Wednesday, February 17, 2010

Crate Advice from a Non-Believer

Dog owners have mixed emotions about crating their dogs. You know what dog crates are (also known as kennels) - those giant boxes that may look to some like mini jail cells. I for one used to be a non-believer. However, years ago I flip-flopped my belief when my husband "won" custody of a Beagle version of "Dennis the Menace" from his previous marriage. The exploits of Bonnie (yes, she was a girl) deserve a blog all to themselves , but suffice it to say that Bonnie and I had many stand-offs in which I (and my house) came out the loser.

So, we had no choice but to use the crate. Since then I've crated my last four dogs and every foster that has come into my home. Cayman is my 12 year old yellow male. When he was a puppy he ate a garden hose, a tennis ball, the rubber rim from around his food bowl, numerous toys and some twine. He's had exploratory surgery 3 times to remove many of the items listed above from his stomach. Since using the crate, the incidences of surgery from ingesting foreign objects have decreased dramatically - like to zero. From my perspective, when the dog is in the crate, know that the dog is safe and my stuff is safe from the dog.

Crates are great for potty training dogs too. Dogs are pretty smart. They don't like to sit in their own mess. Just make sure that the crate is small enough that if they do "mess" in their crate, there isn't an easy way for them to get away from it. They learn pretty fast that "hey, if I 'go' in here, I'm stuck in here with this mess and it's stuck in here with me until my parents get home". I promise, it doesn't take long for them to learn there are better places to go.

You can buy crates at almost any pet supply store. They come in many shapes and sizes, and are made out of many different types of materials. Some are so nice that you might mistake them for an end table in someone's living room. Others are made from canvas and look like they came from REI or Orvis, complete with screened in doors and windows and stakes for planting them in the ground if you go camping. You want to make sure that your dog can stand up and turnaround in which ever size you choose.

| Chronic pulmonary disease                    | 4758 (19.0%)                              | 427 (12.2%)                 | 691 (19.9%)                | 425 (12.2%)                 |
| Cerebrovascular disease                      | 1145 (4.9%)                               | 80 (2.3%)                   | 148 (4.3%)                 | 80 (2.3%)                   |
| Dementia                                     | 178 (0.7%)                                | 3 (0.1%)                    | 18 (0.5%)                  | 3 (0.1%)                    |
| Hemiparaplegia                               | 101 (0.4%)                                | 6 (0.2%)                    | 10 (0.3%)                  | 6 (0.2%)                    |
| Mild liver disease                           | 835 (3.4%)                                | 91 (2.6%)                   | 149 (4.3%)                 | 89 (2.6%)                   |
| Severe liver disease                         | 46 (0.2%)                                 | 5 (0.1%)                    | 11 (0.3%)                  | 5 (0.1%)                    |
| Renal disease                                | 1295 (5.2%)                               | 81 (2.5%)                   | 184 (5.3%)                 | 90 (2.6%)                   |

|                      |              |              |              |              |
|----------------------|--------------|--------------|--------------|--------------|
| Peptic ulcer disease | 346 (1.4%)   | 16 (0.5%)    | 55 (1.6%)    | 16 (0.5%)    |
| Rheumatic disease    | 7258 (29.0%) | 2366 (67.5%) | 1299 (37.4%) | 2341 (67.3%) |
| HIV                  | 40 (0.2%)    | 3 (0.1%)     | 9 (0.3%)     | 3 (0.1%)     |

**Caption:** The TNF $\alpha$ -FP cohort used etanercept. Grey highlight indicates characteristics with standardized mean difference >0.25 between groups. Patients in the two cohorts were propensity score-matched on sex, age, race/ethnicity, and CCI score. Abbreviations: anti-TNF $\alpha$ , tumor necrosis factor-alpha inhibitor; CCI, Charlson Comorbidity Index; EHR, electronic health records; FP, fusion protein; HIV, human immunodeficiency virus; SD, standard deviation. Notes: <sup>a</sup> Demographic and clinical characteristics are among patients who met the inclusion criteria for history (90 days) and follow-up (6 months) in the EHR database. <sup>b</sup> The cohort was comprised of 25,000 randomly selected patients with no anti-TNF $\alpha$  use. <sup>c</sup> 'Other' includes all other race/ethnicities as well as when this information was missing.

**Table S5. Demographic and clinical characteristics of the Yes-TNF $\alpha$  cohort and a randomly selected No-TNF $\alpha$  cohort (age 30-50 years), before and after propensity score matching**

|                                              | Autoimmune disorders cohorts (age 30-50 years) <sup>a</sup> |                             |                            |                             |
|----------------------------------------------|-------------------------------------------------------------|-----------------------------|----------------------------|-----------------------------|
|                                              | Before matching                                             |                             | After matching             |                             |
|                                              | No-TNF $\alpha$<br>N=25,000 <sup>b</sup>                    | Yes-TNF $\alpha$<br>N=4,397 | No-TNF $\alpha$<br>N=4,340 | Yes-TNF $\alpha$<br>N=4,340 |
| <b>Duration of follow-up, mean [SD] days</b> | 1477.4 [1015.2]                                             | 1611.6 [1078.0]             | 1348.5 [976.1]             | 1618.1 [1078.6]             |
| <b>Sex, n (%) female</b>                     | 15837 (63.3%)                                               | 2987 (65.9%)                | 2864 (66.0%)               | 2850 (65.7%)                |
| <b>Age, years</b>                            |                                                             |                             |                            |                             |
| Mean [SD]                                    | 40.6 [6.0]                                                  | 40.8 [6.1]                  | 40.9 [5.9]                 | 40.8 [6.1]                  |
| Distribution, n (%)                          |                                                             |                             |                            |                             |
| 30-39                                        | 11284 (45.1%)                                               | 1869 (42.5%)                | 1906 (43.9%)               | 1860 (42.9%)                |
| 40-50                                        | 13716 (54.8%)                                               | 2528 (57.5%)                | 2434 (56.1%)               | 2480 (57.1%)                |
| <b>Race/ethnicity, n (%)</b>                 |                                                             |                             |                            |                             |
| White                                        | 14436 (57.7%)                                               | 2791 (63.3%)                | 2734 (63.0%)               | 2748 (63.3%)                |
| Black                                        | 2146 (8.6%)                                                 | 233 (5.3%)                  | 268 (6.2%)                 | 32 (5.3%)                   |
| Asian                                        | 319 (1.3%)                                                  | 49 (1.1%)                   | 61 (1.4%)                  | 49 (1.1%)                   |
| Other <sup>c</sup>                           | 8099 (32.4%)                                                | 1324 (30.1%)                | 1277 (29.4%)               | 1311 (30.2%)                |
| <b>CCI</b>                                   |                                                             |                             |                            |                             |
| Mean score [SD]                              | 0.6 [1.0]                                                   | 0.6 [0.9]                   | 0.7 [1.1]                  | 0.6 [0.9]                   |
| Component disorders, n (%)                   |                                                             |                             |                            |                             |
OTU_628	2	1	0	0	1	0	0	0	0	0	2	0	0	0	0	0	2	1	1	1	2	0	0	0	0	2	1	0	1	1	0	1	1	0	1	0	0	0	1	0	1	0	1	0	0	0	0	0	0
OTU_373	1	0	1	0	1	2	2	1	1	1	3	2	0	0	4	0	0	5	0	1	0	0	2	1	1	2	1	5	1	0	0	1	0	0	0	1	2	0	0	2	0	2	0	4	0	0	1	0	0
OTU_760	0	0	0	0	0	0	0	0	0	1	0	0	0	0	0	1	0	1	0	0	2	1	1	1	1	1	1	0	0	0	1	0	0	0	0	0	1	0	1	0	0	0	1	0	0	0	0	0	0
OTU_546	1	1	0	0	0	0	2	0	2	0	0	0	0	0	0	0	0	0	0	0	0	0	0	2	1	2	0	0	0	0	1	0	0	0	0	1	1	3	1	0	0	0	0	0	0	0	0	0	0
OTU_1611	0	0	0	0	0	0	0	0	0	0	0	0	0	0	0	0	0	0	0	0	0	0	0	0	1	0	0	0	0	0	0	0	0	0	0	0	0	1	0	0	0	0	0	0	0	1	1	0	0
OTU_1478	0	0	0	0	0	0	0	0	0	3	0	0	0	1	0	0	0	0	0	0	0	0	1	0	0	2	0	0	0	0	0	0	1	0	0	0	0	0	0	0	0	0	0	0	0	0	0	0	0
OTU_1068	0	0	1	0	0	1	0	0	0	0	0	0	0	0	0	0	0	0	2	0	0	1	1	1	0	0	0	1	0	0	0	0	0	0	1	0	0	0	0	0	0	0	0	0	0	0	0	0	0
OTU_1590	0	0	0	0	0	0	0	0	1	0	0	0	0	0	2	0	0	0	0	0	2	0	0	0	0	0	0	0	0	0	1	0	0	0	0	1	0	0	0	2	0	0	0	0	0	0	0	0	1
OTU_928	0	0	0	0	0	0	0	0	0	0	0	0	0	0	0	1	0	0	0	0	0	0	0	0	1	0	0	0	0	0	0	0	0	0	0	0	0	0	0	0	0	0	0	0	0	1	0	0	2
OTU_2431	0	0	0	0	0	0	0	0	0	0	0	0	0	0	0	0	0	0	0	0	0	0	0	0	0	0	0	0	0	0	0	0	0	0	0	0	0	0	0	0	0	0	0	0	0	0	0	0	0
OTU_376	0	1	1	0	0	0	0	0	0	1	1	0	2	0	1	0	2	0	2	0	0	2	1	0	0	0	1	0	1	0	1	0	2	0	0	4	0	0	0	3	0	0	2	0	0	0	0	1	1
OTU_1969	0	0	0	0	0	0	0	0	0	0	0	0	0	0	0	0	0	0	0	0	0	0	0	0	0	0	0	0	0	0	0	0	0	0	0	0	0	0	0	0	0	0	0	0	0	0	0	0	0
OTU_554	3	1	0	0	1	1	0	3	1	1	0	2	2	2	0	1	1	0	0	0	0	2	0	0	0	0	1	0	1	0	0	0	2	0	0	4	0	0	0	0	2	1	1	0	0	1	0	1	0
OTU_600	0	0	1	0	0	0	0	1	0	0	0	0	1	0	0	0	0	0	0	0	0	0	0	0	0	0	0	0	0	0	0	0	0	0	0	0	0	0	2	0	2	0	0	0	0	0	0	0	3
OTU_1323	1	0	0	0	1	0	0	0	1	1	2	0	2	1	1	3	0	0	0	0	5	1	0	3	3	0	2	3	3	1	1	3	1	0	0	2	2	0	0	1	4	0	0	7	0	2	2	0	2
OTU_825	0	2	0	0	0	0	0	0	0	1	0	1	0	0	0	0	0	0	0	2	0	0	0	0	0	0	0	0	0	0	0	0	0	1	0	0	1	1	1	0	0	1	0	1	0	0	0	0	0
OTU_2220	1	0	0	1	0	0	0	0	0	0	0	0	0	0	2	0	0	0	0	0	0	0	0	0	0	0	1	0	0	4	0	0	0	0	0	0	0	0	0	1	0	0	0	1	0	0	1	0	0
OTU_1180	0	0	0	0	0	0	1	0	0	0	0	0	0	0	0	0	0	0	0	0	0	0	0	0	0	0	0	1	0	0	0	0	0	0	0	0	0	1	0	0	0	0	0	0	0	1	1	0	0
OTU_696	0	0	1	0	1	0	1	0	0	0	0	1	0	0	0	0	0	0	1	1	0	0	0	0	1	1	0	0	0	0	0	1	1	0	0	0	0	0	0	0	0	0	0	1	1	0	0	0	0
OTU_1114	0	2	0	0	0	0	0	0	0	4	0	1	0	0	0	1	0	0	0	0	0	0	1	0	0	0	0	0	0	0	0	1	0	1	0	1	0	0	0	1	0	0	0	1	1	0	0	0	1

Most recently I purchased two really nice crates from Costco. They came with nice padded beds that fit the floor inside. They also collapse so that when they aren't in use, you can hide them under a bed or in a closet. I won't lie, they aren't cheap. Especially when you are buying for a larger breed like a Labrador. But you can buy about 12 crates at Costco for the cost of one exploratory surgery. So, they might end up paying for themselves many times over.

Ideally, dogs shouldn't be left in crates for many hours day in and day out, so use your judgment and do the best you can based on your work schedule. Place a nice padded bed or blanket in the crate. Sometimes I sleep with a blanket or towel for a few nights and then put it in the crate with one of my new foster dogs, so it smells familiar.

Introduce your dog slowly by placing the crate in an active area of the home where he won't be alone. Leave the door open and let him investigate it. Feed him in there. After several days of feeding him in there, shut the door while he eats and open it after he finishes. After he gets used to eating in there, leave the door closed for longer and longer periods of time. Toss cookies or treats into the crate to encourage him to go in. Praise him like crazy if he goes in on his own or better yet, if he goes in and lays down.

Of course, there will be resistant craters. My favorite thing for resistant craters is to stuff a Kong with wet dog food (you can mix kibble in there too). Don't be shy. Get the biggest Kong you can find and buy the one made for the REALLY STRONG chewers. Really pack the wet food in there until there is no space to stuff any more. Freeze it and then before you leave, throw the frozen Kong into the crate with your dog. Because the food is frozen (and stuffed in the Kong), it will take a lot of time for your dog to get it all out. It will be challenging and keep him busy while in his crate, plus it provides him with a unique treat easing the discomfort of you leaving. It is important to save the Kong treat for this particular occasion so that your dog will associate this treat with the crate making the crate a more pleasant experience. The Kong can get funky with wet food leftovers, so just chuck it in the top rack of your dishwasher for quick and easy clean up.

Other options you can try for resistant craters are DAP(Dog Appeasing Phermone) available at Petsmart. Also Peaceful Paws is an essential oil that can help calm a dog with separation anxiety or crate anxiety. Last, patience and practice will help your dog become more relaxed and comfortable with crating.

So, give it try. I'm sure glad I did.

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